Recently, we sat down with Tod Weber, Chairman and CEO, Software AG Government Solutions, to talk about the importance of government agencies running a proof of concept before committing to a major IT overhaul or implementation. He shared with us his top three things that government agencies should consider before they sign on the dotted line.
Chief Technology Officers for federal government agencies must create networks and implement solutions that not only help them successfully achieve mission objectives, but also adhere to strict mandates for what they must offer to employees and constituents. That is a tough enough balancing act, but today’s tight government budgets make it even more complicated for them.
They must find ways to implement solutions that will meet requirements for today and tomorrow, that offer scale, and that won’t become obsolete before they can offer a return on investment. Despite this pressure, government agencies still need to make IT purchases.
Here are three things that I recommend that federal government IT leaders can do to ease their concerns about making a major IT expenditure:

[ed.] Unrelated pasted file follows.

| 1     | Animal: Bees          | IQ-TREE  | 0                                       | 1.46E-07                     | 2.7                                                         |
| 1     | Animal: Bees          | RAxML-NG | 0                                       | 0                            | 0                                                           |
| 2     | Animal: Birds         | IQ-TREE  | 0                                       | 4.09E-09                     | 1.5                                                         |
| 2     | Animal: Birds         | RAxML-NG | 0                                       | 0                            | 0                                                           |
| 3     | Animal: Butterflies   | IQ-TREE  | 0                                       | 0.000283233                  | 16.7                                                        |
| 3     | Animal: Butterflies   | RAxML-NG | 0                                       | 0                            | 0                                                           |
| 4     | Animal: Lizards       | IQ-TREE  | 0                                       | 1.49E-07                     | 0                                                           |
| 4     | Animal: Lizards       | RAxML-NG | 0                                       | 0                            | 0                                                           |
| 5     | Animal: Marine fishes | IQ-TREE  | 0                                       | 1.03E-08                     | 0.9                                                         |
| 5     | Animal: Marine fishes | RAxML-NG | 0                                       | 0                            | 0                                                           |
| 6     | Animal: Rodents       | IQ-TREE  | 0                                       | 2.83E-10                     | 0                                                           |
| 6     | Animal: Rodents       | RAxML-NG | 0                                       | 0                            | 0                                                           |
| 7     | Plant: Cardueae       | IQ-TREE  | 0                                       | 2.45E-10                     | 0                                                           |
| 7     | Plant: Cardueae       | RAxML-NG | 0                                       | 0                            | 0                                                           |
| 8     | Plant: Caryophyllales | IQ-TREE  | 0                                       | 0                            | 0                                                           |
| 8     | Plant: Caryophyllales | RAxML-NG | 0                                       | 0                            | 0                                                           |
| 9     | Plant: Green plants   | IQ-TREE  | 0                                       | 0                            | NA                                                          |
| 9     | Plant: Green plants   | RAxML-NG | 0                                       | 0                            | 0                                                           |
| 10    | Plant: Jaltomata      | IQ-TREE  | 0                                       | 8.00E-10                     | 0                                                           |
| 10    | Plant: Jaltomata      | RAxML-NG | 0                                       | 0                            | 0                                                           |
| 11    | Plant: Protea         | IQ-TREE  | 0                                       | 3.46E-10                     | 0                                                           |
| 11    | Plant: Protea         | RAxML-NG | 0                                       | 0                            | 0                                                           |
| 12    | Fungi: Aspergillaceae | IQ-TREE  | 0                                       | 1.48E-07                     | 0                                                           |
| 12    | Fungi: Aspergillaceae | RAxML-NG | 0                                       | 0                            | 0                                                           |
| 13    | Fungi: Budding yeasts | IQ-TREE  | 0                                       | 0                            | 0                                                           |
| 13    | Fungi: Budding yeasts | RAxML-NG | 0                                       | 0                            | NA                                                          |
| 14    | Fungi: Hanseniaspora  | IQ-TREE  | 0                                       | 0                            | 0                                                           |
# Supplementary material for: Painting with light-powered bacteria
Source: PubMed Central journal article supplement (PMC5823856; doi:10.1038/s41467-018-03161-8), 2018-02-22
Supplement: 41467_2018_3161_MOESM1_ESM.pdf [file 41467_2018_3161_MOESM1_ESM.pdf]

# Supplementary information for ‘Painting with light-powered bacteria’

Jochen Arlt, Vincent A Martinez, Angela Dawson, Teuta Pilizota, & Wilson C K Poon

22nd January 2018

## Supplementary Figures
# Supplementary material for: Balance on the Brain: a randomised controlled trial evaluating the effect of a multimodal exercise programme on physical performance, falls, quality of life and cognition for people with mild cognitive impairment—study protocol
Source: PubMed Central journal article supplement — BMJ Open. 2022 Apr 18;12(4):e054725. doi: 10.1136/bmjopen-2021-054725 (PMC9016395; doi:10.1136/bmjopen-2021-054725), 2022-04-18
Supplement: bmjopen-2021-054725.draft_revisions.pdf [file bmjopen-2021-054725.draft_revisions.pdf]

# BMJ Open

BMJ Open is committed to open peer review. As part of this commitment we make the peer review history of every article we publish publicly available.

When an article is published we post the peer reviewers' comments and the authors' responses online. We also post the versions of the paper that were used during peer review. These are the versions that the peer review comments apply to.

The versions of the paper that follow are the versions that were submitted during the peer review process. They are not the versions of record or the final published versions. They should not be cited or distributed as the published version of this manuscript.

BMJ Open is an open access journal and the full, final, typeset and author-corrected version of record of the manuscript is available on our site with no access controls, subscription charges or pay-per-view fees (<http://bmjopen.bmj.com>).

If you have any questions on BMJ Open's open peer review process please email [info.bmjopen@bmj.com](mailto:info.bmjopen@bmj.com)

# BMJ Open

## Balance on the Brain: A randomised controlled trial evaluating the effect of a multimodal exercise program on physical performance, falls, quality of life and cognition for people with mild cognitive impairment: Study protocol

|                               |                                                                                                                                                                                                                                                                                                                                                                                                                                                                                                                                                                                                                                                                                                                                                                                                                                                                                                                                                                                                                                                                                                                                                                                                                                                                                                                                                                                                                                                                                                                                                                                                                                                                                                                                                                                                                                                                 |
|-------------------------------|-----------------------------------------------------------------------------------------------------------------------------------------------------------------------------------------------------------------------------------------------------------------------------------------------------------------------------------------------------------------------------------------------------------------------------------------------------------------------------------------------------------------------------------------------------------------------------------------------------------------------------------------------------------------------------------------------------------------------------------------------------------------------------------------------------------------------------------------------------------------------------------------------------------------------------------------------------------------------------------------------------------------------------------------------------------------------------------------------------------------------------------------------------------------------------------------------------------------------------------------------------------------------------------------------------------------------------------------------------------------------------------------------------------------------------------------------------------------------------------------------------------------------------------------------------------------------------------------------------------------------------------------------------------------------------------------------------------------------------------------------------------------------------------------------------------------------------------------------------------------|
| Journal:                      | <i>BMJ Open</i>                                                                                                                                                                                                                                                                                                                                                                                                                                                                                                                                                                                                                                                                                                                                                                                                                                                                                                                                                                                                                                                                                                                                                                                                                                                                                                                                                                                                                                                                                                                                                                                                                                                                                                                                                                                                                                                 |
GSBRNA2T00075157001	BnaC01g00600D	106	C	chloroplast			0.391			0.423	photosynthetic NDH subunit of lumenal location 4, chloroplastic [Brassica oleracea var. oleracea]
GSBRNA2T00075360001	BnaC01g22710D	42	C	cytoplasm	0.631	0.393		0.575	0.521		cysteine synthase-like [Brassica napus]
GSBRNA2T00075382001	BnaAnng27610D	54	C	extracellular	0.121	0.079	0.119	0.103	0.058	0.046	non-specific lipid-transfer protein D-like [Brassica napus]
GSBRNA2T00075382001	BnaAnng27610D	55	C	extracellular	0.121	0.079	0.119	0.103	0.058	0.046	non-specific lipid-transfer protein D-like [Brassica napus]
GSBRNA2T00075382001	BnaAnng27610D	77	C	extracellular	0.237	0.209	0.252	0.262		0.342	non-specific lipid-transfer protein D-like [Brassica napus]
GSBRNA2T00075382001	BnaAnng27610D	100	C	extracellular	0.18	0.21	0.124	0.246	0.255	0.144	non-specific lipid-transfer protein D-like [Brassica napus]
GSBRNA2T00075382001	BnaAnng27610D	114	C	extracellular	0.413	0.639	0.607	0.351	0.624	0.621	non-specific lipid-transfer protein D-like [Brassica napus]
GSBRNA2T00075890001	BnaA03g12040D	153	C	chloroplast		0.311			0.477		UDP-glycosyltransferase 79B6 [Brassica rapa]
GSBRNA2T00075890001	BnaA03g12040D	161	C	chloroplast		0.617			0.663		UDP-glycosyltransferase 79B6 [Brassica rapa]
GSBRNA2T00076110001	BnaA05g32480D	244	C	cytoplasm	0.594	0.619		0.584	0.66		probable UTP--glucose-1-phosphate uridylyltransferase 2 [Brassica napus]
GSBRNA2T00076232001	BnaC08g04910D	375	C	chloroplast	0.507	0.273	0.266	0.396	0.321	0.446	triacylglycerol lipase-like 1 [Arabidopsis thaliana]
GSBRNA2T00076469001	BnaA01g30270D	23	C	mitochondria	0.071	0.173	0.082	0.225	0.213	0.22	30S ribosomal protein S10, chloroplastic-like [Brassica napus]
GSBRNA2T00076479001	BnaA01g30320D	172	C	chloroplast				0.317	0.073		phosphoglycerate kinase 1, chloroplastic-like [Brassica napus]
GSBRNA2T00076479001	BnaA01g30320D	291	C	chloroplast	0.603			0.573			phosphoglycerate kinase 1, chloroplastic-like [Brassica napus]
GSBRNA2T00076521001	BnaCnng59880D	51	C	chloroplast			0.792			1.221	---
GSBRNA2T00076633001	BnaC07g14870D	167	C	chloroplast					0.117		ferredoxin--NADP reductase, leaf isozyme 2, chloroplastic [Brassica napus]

- Think, “embrace and extend” vs “rip and replace.” The federal government has massive investments in technology already out there today, so the best approach is probably not to rip all of those out and start over. That is an expensive proposition. I think they need to look for places they can invest and get more out of what they have already implemented in the past.
- Never invest in a solution until you validate that it will work in your environment. This is a very important one. In the past, some IT companies would say, “you are already doing X amount of business with us, and we know you have requirements for these other two areas – so we recommend you just put our solutions for those areas.” Often, the customer would fall for it and see it as an expansion of a very large footprint just because the company had a solution in that area. The solution may not be the right one, but they would say, “It’s pennies on the dollar. We’ll take it.” What the government has found, unfortunately, in that approach is that the cost associated for services dollars that are required to try and make that work — and whether it ever really delivers the productivity that was promised — is a big question mark for them. I would say that it’s important to take the mindset of “don’t invest until you validate that it will work in your environment.” It’s no different than buying a car – you wouldn’t buy one without a test drive.
- Start slow and build upon success. Don’t make a massive investment up-front. Start slow, prove the solution out on a smaller project and learn from that. Grow on the success that you hopefully have. If you do a small project first, you also may find that your requirements evolve a bit. You learn what else you can do that you may not have thought about. Government customers may not realize some of the powerful things they can be doing until they get into it, and the next thing you know you are making a significant impact on their operations and hopefully reducing their costs and improving their response rates.